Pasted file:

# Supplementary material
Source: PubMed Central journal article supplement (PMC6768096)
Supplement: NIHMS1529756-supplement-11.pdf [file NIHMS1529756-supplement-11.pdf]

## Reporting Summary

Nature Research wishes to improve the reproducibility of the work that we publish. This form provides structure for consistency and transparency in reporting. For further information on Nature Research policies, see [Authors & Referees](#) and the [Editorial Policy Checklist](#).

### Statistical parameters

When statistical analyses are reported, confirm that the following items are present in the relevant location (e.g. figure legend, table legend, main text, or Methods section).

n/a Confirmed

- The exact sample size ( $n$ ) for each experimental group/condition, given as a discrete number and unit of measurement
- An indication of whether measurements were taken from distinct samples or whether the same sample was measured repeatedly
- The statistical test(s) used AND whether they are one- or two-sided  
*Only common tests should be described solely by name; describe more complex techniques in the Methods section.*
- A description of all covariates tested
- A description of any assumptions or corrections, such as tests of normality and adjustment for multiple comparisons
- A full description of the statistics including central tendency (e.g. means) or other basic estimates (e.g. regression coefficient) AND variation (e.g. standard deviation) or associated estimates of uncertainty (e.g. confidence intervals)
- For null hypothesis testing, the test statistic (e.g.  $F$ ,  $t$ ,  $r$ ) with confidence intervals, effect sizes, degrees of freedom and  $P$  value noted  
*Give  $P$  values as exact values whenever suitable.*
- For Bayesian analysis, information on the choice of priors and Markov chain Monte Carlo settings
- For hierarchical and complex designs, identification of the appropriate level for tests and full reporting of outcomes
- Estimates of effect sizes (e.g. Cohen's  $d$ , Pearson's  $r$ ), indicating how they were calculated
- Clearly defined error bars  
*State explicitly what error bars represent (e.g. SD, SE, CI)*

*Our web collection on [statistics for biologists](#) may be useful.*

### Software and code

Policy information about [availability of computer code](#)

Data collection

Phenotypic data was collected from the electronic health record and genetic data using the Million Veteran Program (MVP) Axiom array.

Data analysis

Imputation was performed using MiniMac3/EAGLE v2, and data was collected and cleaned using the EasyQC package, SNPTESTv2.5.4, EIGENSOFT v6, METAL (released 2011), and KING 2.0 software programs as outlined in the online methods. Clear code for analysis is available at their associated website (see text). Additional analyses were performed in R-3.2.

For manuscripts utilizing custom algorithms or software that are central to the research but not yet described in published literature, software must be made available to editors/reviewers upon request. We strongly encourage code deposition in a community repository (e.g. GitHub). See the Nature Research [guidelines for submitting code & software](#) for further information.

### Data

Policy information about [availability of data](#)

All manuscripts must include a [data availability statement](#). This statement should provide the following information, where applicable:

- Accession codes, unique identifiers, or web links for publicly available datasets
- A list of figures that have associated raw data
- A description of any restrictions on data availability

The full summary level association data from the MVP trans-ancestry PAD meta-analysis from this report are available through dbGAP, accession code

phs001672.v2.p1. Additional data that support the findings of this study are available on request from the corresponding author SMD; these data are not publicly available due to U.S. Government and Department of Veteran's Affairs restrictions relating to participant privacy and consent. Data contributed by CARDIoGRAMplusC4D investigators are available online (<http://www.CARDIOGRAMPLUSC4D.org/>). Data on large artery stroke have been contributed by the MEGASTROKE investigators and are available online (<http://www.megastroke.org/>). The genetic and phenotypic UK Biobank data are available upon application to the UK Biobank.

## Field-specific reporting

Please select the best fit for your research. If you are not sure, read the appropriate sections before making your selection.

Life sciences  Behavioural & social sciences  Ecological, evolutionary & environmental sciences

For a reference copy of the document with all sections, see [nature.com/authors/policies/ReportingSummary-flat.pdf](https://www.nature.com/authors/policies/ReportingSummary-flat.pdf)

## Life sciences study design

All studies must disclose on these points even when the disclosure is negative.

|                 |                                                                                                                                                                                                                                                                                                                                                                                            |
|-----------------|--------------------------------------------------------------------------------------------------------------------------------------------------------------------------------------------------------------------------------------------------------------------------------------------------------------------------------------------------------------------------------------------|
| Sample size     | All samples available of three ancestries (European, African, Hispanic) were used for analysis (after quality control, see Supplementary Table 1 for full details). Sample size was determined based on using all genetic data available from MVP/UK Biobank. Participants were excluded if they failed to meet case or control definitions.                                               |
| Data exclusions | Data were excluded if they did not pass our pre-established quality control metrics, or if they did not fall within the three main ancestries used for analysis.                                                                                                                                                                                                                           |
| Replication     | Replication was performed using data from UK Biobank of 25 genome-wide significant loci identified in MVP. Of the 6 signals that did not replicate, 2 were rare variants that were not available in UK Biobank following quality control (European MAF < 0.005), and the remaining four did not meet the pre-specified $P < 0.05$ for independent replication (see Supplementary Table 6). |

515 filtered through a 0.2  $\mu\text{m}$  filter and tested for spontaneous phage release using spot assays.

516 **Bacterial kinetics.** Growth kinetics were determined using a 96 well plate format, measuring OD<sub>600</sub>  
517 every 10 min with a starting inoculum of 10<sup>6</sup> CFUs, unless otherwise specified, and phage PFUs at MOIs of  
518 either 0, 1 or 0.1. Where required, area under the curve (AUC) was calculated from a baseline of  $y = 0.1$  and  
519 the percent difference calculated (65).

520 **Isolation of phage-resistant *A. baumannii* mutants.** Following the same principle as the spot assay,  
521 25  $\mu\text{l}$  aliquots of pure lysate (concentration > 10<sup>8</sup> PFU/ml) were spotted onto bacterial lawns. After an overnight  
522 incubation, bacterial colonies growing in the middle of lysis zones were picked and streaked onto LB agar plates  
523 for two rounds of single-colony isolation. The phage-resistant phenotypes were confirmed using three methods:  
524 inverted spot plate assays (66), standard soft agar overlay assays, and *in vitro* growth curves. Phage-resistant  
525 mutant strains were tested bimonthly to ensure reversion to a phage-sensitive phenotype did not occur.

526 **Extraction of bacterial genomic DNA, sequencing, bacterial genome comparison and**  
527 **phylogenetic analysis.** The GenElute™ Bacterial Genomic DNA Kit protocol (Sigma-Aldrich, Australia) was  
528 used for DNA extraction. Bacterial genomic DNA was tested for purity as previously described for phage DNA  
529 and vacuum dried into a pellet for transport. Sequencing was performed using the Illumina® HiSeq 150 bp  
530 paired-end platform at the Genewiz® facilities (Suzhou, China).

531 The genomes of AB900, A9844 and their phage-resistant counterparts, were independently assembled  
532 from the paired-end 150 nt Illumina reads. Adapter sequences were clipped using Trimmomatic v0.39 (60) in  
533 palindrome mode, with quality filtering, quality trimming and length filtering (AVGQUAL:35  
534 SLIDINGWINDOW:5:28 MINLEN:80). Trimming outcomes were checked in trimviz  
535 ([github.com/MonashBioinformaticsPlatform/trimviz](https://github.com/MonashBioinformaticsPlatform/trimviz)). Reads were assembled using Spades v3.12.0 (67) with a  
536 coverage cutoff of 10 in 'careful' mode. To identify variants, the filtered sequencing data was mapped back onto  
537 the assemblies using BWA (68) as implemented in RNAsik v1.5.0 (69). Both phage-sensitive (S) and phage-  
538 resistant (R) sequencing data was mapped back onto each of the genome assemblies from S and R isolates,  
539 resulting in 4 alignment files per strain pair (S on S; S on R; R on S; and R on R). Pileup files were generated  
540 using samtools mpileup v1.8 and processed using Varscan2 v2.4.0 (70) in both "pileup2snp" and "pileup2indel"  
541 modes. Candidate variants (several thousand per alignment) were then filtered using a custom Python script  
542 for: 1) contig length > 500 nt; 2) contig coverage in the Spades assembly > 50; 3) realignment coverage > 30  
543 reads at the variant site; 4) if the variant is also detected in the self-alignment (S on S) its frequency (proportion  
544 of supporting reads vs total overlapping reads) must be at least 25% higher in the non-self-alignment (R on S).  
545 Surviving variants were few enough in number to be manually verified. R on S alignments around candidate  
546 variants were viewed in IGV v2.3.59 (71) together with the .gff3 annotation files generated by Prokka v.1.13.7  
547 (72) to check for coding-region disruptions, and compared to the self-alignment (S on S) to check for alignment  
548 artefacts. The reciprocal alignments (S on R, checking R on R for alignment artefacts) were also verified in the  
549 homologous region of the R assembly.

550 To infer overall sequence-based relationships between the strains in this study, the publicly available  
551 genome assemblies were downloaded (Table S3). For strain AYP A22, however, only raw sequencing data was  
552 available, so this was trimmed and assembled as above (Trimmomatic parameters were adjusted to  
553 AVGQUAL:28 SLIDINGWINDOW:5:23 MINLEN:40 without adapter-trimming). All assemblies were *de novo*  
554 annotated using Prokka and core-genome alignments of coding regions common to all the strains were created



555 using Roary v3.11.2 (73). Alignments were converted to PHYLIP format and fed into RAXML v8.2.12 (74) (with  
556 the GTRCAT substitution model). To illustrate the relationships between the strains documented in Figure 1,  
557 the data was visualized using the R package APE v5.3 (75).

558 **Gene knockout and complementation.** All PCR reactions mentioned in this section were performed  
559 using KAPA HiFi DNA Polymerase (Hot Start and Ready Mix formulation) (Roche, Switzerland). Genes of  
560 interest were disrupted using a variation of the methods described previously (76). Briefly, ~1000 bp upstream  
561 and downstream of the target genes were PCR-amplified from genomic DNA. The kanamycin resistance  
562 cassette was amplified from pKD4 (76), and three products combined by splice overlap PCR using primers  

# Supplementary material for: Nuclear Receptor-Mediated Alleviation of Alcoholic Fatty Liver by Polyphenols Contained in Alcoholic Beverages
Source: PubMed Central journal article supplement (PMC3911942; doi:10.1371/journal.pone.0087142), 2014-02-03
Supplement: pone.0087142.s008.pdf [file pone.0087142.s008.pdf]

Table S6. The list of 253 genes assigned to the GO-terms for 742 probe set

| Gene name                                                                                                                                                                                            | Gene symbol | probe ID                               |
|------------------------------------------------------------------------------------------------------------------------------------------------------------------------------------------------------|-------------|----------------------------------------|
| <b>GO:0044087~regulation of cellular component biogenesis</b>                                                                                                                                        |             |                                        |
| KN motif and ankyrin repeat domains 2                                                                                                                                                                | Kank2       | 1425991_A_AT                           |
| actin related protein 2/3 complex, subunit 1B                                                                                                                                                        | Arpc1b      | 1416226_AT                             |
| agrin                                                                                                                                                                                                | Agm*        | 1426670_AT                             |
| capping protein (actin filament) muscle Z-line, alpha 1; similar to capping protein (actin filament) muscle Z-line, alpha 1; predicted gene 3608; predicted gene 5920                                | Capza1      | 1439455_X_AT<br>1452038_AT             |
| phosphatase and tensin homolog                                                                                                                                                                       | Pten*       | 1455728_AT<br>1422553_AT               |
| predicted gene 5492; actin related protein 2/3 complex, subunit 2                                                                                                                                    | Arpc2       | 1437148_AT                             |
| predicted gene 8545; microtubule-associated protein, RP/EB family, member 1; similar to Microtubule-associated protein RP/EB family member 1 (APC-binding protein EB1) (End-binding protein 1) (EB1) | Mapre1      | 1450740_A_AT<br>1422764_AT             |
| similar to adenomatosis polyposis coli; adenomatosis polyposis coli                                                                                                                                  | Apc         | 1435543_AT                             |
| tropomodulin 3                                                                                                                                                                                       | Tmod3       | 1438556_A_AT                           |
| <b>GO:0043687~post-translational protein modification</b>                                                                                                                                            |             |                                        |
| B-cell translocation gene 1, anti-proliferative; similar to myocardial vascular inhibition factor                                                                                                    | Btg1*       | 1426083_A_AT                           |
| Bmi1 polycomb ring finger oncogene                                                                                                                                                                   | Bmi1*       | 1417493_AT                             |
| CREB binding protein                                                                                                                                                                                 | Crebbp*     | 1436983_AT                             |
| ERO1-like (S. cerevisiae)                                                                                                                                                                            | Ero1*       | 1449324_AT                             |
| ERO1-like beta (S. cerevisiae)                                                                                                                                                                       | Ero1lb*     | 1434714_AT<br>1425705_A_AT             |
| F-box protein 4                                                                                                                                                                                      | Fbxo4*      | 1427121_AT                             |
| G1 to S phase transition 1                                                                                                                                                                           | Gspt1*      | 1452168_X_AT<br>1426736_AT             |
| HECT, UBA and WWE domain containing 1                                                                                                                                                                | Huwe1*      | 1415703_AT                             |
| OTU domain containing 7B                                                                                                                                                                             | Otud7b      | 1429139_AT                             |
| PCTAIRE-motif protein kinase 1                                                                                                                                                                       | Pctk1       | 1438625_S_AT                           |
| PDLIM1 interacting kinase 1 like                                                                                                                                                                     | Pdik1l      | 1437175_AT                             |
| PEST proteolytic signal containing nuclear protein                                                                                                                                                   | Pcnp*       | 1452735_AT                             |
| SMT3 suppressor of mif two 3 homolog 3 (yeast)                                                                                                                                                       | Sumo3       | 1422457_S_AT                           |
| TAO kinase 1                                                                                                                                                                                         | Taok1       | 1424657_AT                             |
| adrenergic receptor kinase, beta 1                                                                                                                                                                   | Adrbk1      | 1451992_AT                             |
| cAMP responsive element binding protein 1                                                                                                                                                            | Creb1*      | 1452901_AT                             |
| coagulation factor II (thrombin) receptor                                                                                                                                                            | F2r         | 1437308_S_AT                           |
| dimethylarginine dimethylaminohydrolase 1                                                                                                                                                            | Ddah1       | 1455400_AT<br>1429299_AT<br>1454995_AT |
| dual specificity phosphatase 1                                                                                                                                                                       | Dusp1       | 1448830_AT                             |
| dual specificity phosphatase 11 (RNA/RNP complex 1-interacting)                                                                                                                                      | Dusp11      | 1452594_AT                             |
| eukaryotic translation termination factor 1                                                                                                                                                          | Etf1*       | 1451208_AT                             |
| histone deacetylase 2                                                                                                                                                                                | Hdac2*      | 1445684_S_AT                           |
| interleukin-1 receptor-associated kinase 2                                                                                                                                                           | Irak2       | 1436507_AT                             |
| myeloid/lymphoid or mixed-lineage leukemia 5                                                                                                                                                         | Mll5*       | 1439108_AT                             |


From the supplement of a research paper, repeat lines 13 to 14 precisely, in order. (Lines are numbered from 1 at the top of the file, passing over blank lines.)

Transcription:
- A description of all covariates tested
- A description of any assumptions or corrections, such as tests of normality and adjustment for multiple comparisons